I think the main thing I always look for in students is that they should be hungry to learn and have a capacity for focused work. If they have those things, everything else usually comes together with time (no pun intended). It certainly helps if they are already working at the fundamentals. The UArts program has a lot to offer students. I am in the process of creating three new classes: Advanced Improvisation, Advanced Rhythmic Concepts, and an intensive listening class. There are various ensembles which give the students chances to play and perform in different styles. It’s a positive environment and there are many good musicians on the faculty. I’ve had some very talented students there.

JGT: You were a prodigy recognized by Guitar Player Magazine at the age of 16, what was your early guitar practice and lessons like in your youth? 

I wouldn’t agree with the term prodigy, because it was not like I just started playing and knew what to do. I did a lot of practicing, and a lot of musical searching. It took many years for me to find my own voice. I became obsessed with music at 14. I was mostly self -taught until I arrive at Manhattan School of music. I was always very interested in clarity and flow on the instrument, which are probably still the most important things to me. I spent a lot of time trying to develop those qualities. As a composer, I found that the music I was writing was always challenging to improvise on, both physically and mentally. For whatever reason, I love things that are difficult. Difficult in the good sense of the word, which means trying to make them sound easy. The compositions always pushed me forward, and they still do. I wrote quite a lot of music during this pandemic, and a good part of it uses ideas I haven’t explored before. There is always the question: “Can I pull this off live?”. But then, there is no alternative.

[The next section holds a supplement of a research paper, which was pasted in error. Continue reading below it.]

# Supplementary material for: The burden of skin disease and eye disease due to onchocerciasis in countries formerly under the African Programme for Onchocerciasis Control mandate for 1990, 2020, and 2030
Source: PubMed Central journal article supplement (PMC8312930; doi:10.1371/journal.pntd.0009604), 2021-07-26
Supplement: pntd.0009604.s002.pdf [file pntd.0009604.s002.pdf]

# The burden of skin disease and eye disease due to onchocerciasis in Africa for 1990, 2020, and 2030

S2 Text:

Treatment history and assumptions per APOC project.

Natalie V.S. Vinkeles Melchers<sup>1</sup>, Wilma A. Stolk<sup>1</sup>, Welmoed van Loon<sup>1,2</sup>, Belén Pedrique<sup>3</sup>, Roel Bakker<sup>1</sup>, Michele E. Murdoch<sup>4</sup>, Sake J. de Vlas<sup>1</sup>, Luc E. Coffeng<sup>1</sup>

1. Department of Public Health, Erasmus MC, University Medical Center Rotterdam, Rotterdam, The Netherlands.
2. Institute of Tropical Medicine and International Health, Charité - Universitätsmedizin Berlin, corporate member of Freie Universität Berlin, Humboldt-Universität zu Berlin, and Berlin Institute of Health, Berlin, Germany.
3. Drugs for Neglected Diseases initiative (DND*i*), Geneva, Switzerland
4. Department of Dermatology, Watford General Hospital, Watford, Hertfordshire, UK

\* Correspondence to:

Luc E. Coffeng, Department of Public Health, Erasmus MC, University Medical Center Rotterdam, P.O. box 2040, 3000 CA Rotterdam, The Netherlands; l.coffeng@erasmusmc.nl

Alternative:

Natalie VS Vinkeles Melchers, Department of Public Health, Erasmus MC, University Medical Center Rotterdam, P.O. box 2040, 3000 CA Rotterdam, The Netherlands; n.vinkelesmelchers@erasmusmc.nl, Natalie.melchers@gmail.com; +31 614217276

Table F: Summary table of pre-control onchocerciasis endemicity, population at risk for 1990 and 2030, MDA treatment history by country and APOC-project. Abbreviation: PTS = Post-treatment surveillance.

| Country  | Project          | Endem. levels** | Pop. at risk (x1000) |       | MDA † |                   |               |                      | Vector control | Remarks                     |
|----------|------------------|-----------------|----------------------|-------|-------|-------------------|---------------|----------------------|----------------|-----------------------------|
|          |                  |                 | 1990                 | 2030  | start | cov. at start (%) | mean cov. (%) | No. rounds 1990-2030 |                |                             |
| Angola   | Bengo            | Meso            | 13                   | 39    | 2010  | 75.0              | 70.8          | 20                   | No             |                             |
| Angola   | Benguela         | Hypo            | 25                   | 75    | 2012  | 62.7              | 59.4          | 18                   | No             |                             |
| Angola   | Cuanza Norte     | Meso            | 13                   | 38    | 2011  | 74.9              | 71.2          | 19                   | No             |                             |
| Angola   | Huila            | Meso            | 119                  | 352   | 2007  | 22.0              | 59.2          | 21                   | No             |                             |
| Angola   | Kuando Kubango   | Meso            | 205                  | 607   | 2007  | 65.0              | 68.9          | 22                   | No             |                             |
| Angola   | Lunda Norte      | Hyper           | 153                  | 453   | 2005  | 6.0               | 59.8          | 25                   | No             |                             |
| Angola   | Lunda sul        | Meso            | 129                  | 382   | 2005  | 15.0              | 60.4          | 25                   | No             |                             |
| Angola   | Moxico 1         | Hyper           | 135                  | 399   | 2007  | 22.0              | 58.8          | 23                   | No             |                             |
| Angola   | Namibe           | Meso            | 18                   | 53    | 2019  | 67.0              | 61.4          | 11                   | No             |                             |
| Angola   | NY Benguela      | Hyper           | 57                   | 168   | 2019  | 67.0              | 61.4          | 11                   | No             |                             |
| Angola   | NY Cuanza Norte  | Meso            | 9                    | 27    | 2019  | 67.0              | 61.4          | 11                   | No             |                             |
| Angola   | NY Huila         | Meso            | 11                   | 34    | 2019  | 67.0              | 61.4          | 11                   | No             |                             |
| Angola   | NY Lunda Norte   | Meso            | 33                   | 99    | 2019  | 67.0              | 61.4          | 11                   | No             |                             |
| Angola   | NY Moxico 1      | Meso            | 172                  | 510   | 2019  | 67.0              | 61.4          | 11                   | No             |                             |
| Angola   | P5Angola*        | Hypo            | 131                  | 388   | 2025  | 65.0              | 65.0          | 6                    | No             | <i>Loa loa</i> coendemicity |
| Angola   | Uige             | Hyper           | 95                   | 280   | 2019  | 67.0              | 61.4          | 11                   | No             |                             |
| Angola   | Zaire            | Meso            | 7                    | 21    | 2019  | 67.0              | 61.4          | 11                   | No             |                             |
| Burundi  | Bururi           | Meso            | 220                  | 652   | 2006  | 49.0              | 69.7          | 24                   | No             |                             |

JGT: As a bandleader, please tell Jazz Guitar Today readers about the Dave Allen Quartet and what you admire about how the members interpret your compositions on piano bass drums. 

I was very fortunate to live in New York City for 25 years and was able to play with some of the best players in the world. I was always composing and leading my own projects, which meant I could experiment with different players on different gigs. For a while I had a band with Mark Turner, Drew Gress and Jeff Ballard which was a blast. The core of my group for the past 15 years has been Drew Gress on bass and Mark Ferber on drums. Anything I write they can make into an adventure. There were also many great saxophonists coming through the group like Seamus Blake, Donny McCaslin, and Miguel Zenon.  My latest recording “The Sky Above Her” features Gress and Ferber along with the amazing Gary Versace on piano and Rhodes and the great saxophonist Jon Irabagon. They are all monsters and brought the music to life like only they can. 


JGT: Do you care to promote any other happenings that we can look forward to for 2021?

The book will come out in the Fall (Mel Bay). Due to the pandemic, there are no concerts planned, but I do plan to do some streaming concerts of the new music. I also teach online workshops and private lessons by video. I hope to make a new record as soon as possible and document this new music that has emerged from this quarantine period.